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Read also Public Debt of Romania and the Financial Crisis

By international standards, Romania is a low indebted country but debt has risen continuously during the nineties, mainly externally financed (cf. Albu & Pelinescu 2000: 4).[1] Nonetheless, in 1999 Romania witnessed a short financial crisis and barely avoided default, by massive balance of payment adjustments, including a reduction of the budget deficit by 50 % (cf. Dăianu & Kallai 2004: 4).

Romanian Government Debt


While general foreign debt is still rising, Government debt in Romania as a percentage of GDP and budget deficits were moderate and declining over the last years (cf. Figure 3.13). Eurostat data from 1995 to 2006 suggests that the decline in Government debt as percentage of GDP in Romania seems to be due to both, a very sharp deceleration in making new debts and the accelerated growth of GDP in the last years, not due to a reduction of the absolute amount of debts.

According to the low standards of living, the basically home-made reforms in Romania after 1989 had the additional objective of improving the living conditions of the population (food, heating, electricity). A first increase in expenditure (for real wages, subsidies, pensions and transfers on the one side and a cut in taxation on the other side) seemed to some extent “inevitably” (Demekas & Khan 1991: 19). After starting in transition without notably debts Romania (some 230 million US-$ in 1990; cf. Albu & Pelinescu 2000: 2) managed to accumulate debts amounting closely to 40 % of GDP (domestic public debt plus foreign debt).[2]


Main driving forces were the decline in output (shrinking GDP), an eroding tax base and, hence, shrinking revenues, combined with the costs of reform and restructuring, further intensified by the harder access to international capital markets (cf. ibid).  Other accelerators seem to be a “political business cycle” (ibid: 19) during the nineties and heterogeneous coalitions (ibid: 3). Public debt accelerated during the elections in 1992 and 1996 and increased only moderate afterwards (cf. ibid: 3). That observation seems to be valid also for the year 2000 but not for 2004. These accelerations also coincide with the peaks in inflation during the respective years and the freeze in disinflation during the year 2000 (cf. chapter The notion of heterogeneous coalitions refers to the public finance theory rule of thumb that the more parties are involved into a coalition the more free-spending Governments tend to be.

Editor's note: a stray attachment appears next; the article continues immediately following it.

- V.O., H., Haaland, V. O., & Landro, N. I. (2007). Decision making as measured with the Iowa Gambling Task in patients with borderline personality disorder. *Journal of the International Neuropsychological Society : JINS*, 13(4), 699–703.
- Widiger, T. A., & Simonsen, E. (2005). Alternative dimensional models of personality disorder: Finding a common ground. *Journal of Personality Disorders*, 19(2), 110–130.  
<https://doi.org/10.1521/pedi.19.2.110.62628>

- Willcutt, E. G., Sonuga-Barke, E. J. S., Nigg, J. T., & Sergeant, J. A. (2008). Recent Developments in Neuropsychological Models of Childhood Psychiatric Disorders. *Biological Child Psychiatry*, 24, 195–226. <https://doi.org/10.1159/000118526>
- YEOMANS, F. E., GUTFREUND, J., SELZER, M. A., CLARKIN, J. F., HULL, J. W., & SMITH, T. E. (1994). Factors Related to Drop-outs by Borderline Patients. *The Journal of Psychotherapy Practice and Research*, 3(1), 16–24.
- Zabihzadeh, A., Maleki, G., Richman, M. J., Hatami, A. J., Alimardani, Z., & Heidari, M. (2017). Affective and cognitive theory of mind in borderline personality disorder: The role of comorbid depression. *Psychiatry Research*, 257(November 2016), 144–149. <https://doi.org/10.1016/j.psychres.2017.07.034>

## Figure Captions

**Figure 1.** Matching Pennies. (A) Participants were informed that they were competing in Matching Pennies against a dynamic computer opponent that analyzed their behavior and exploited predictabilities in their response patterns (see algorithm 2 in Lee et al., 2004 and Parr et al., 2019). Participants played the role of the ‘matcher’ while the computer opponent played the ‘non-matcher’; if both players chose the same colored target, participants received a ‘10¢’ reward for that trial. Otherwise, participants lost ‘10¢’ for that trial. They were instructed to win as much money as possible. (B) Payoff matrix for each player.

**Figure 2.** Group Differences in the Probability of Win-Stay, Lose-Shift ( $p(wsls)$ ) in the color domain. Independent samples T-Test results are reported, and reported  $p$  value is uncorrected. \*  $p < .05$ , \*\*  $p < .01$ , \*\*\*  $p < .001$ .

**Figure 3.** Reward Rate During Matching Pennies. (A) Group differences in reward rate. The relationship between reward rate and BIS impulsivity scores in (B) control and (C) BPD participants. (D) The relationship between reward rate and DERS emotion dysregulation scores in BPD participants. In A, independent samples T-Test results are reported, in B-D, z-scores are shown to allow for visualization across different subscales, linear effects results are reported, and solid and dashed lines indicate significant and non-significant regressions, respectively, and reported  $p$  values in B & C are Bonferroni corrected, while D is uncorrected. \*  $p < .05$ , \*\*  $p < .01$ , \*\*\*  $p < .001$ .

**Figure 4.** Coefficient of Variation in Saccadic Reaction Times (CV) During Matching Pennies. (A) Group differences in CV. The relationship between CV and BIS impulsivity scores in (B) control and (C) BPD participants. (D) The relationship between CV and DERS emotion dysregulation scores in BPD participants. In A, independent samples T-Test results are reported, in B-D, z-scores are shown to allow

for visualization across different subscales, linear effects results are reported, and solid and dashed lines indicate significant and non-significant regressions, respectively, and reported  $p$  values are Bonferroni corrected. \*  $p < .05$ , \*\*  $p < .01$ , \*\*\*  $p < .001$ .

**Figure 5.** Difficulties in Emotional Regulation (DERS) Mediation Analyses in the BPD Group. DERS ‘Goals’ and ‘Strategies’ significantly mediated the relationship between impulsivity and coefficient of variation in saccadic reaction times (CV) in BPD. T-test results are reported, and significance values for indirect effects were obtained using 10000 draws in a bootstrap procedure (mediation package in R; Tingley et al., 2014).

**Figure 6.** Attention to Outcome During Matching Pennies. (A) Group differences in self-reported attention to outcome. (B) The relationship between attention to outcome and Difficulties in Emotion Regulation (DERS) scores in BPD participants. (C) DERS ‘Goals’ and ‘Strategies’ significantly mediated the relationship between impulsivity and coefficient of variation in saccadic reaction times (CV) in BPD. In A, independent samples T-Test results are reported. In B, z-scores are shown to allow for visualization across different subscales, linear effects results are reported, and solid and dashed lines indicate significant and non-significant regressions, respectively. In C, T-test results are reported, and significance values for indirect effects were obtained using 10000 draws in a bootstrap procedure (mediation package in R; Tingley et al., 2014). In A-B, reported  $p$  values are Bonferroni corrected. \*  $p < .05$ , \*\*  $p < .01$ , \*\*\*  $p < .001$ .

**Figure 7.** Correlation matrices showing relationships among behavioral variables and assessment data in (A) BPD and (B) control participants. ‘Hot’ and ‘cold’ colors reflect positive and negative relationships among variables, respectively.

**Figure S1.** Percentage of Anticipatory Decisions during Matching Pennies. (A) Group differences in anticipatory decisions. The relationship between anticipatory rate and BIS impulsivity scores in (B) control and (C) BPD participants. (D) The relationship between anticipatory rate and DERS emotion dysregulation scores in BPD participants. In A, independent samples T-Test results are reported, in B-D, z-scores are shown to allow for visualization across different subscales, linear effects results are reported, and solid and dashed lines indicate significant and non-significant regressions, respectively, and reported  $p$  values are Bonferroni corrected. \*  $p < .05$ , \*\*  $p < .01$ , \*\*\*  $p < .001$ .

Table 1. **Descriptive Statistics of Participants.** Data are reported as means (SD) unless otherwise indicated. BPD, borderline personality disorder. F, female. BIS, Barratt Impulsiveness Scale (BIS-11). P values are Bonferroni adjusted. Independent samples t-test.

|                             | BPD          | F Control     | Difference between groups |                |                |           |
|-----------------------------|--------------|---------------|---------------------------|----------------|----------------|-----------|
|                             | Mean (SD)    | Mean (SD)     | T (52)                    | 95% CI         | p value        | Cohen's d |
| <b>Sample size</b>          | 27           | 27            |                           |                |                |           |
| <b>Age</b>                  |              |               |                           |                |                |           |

Image 3.13: Romanian Government Debt and Romania’s Budget Deficits
Romanias Public Debt, Government Debt, External Debt and the Budget Deficit

Source: Eurostat, Gardo 2006, own graphic [3]

Public Debts due to the Fiscal Deficit

Academic Research paper and Study of the Economy of Romania and Romanian Business

Main source for the rise in public debts are large primary deficits. Conventional deficits might have been rather moderate but they were accompanied by large quasi-fiscal deficits of e.g. 8.2 % in 1992 or 6.5 % in 1996 (cf. ibid: 9). The latter were financed by seignorage as the tax system performed low. Toader (2005) demonstrated a descending taxation burden as a share of GDP from 35.5 % in 1990 down to 27.3 % by 2006. Tax burden was measured as total revenues from effectively collected taxes, duties and contributions to the general consolidated budget. The degree of taxation subsequently declined until 1997, experienced a short rise until 1999, decreased again until 2001 and remained more or less stable afterwards.


Reasonable explanations are the low performance of the tax collection system and tax evasion. The government tried to defy the sharp fluctuations in revenues during the nineties with several tax reforms, which all aimed at a broadening of the tax base but also reduced marginal tax rates (ibid: Albu & Pelinescu 2000: 9). The latest tax reform removed the progressive income tax system by the introduction of a uniform flat tax of 16 % on personal and corporate earnings and the simultaneously removal of many exceptions. Some first progresses, especially in reducing the size of the shadow economy ,could be observed but social contributions still are fairly high and might hamper the efficiency of the tax reforms (cf. EC 2008 a: 11ff.).


[1] Domestic debt gained a risen importance only since the late nineties.

[2] It has to be noted that this chapter was one of the hardest to compile due to the sheer absence of coherent and complete data covering the entire period. For the nineties the assessment of Albu & Pelinescu (1999) is outstanding. Furthermore, it has to be stressed that the amount of public debt during the nineties was a very sensitive function of the definition of “public” as the Romanian state still owned large or even larger parts of domestic commercial banks (ibid: 1).

[3] Due to the absence of reliable, continuous and coherent data from one source for the whole period Figure 3‑13 has to be considered with some caution. Budget deficit data from 1990 – 2001 is taken from Gardo (2006: 657), likewise the data on foreign debt. General government debt and GDP at market prices are taken from Eurostat. Anyhow, the figure is broadly consistent with literature and might be sufficient for illustrating the general trends.